Solar from the Atacama Desert
    Wind from Patagonia
    Pumped-hydro storage from Lake Titicaca
    The Amazon for hydroelectric and biomass

    South America could go into business exporting vast quantities of renewable energy to world markets, as synthetic fuels, as the Gulf countries export fossil fuels now.

    So there’s not going to be any good excuse for anyone in 2040 still burning fossil fuel. Our ambition should be no less than 100% renewable energy.

    with low-carbon investment increased by $300bn/yr and investment in buildings and efficiency rising $900bn/yr.

    OK. Alright.

    That’s the necessary scale of investment budgets that countries can provide with borrowing from their central banks to implement our scientifically-sound plans to transition the world to 100% renewable energy.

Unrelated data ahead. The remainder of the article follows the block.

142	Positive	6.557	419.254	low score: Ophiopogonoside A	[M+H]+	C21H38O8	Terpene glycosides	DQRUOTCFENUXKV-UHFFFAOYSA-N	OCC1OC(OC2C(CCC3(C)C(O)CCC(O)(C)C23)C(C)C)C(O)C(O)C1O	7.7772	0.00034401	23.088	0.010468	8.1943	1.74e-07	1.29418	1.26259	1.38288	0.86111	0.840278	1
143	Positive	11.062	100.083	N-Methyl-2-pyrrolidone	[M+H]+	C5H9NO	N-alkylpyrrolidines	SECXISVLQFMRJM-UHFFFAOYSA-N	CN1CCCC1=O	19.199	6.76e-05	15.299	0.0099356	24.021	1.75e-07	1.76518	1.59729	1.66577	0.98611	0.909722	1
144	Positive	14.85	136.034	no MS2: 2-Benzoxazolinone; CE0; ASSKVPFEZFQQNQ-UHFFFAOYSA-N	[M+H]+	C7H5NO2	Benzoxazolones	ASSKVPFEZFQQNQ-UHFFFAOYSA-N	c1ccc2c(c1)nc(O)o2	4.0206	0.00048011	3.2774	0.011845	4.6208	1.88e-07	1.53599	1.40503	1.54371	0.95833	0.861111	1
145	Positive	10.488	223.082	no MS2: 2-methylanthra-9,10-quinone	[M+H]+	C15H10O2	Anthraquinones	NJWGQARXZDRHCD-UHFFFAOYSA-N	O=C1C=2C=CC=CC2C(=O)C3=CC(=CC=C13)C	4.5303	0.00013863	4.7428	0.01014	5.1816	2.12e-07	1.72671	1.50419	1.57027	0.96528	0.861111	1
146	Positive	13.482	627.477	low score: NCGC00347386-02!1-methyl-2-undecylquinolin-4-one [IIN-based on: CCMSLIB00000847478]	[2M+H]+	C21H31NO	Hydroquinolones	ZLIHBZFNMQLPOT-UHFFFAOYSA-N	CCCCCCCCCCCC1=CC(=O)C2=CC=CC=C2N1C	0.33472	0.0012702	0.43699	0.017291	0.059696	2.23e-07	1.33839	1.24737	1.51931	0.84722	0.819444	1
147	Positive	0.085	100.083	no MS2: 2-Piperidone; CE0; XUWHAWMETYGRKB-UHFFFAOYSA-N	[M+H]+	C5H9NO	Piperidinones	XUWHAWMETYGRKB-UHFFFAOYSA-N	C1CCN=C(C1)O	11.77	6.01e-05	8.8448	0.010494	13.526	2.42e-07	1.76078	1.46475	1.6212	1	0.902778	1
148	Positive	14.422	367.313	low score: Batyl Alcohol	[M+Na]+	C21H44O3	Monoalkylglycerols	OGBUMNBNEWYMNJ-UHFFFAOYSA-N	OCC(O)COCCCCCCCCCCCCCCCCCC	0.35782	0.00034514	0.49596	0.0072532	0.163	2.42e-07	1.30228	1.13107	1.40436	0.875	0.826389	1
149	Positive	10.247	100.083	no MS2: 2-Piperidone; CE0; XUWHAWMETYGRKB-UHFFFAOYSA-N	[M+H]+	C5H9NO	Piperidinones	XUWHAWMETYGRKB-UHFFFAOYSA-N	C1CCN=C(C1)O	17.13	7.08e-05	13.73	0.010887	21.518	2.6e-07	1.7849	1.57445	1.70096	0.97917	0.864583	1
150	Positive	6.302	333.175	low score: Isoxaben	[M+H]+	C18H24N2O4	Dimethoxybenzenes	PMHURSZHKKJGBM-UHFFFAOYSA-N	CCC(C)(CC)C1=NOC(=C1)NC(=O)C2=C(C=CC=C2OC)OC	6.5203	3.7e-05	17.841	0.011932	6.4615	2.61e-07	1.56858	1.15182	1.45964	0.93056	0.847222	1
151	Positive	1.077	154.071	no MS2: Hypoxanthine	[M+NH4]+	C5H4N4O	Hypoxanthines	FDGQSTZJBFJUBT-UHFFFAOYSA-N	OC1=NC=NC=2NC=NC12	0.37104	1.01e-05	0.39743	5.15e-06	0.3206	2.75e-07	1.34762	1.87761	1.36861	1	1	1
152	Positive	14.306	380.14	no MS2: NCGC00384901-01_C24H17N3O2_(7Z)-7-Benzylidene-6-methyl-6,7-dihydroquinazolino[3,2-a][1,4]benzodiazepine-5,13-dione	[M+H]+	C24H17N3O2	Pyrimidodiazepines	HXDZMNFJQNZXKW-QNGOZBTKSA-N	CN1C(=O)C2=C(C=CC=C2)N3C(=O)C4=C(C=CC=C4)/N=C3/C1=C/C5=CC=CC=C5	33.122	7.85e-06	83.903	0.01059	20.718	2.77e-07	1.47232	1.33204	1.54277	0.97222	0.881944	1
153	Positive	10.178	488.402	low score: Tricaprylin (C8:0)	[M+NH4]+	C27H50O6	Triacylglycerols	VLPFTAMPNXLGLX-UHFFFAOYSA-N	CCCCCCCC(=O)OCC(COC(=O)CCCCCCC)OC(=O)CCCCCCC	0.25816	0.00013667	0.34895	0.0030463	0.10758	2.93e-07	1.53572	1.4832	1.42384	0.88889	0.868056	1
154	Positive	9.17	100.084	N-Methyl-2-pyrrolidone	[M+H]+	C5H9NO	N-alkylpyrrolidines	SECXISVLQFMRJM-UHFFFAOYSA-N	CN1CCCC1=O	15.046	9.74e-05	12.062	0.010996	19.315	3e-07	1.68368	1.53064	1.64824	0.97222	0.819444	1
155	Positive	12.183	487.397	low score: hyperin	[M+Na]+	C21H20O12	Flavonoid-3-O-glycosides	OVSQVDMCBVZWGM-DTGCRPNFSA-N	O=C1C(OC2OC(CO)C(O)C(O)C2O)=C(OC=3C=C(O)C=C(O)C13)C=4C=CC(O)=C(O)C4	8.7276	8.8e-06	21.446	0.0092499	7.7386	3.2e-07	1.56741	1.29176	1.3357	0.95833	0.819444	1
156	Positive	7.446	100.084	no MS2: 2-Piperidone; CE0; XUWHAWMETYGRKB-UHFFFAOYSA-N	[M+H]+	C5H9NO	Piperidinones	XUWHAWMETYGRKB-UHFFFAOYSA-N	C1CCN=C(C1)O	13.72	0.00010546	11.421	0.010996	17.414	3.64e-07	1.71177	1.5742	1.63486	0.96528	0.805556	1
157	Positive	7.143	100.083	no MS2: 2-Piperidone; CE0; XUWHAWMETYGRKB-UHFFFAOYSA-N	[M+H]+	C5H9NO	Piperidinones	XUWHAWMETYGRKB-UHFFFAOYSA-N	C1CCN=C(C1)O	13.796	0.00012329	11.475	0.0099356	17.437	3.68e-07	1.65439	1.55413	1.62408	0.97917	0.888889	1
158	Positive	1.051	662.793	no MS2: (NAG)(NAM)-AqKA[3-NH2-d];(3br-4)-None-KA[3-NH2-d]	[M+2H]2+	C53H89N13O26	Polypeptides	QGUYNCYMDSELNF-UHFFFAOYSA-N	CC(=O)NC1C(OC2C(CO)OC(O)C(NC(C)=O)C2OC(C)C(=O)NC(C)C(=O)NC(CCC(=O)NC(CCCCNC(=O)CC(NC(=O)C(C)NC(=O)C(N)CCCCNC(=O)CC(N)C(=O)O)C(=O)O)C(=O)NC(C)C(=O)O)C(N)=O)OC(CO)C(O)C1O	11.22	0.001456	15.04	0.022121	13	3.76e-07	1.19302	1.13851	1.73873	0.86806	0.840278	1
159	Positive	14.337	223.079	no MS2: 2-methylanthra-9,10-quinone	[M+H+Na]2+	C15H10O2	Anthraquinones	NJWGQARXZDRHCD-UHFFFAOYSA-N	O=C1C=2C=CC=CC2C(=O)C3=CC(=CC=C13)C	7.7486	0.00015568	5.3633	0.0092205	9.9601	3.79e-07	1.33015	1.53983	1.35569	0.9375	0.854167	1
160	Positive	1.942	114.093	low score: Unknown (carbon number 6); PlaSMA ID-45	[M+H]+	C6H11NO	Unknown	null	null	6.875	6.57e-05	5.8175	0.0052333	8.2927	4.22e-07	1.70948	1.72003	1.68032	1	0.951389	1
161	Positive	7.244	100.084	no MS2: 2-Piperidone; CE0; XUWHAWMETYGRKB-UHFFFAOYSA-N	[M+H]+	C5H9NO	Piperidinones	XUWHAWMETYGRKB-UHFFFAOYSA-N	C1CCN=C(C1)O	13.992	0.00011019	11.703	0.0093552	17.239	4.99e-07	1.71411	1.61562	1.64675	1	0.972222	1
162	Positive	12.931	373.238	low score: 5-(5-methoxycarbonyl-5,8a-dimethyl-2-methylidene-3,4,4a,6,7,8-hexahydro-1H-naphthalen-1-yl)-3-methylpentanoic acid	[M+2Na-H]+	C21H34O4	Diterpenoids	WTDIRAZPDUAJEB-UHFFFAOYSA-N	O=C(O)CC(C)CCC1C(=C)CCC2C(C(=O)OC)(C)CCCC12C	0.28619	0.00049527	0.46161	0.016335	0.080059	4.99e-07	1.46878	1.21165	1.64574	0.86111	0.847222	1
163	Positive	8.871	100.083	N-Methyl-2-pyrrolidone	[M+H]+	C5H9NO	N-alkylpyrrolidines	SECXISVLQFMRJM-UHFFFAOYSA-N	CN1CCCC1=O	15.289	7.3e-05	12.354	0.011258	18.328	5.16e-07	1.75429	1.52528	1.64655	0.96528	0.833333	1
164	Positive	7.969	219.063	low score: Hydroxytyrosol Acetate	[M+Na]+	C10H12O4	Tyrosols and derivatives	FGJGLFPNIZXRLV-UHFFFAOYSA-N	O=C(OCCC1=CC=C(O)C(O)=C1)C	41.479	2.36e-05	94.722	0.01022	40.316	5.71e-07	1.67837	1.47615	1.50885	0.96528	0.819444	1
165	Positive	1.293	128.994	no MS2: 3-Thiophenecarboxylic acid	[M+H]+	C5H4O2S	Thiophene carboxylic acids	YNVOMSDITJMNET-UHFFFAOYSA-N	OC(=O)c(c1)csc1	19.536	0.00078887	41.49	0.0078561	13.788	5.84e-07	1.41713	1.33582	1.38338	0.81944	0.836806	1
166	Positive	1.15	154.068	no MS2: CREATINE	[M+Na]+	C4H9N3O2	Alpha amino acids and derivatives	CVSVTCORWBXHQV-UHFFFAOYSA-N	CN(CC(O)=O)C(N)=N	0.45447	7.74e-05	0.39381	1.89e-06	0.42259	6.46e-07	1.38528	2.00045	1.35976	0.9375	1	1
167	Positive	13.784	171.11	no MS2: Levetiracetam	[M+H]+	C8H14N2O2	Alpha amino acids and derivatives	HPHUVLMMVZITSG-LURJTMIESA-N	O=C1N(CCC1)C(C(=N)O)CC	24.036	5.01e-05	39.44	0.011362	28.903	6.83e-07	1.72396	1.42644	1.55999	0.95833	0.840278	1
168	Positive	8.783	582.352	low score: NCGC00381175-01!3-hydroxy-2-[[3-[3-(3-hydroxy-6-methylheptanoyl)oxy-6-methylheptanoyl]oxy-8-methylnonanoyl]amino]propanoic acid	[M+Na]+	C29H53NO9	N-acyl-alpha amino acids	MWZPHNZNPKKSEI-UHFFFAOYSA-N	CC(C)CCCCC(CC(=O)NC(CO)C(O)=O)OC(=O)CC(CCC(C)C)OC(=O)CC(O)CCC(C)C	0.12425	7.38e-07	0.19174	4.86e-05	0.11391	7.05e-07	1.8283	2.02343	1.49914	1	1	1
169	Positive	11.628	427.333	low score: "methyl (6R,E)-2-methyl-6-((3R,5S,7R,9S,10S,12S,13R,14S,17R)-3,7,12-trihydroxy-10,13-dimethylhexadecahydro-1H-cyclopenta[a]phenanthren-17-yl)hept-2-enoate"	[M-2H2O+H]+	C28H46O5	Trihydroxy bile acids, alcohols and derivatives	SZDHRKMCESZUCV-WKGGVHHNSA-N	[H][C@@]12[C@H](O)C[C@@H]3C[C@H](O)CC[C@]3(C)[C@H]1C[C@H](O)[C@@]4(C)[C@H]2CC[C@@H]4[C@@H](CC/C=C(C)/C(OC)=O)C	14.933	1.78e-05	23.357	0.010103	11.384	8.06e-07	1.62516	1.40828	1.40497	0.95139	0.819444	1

I’m still offering to serve as governor of a new public sector British Green Investment Bank capitalised by the UK Treasury and Bank of England with an public investment stream of, I suggest, £100 billion a year, which should be a key part of any British government’s industry strategy.

    Scottish Scientist
    Independent Scientific Adviser for Scotland
    * Double Tidal Lagoon Baseload Scheme
    * Off-Shore Electricity from Wind, Solar and Hydrogen Power
    * World’s biggest-ever pumped-storage hydro-scheme, for Scotland?
    * Modelling of wind and pumped-storage power
    * Scotland Electricity Generation – my plan for 2020

  • Joris75

    “It’s worth noting, in conclusion, that the commission members do not necessarily agree with every detail of the report”

    Is there more on the specific nature of these disagreements? I would say that such disagreements are where the key insights on the challenges of the energy transition are to be found. I’ve looked at the report but found no listing of these disagreements.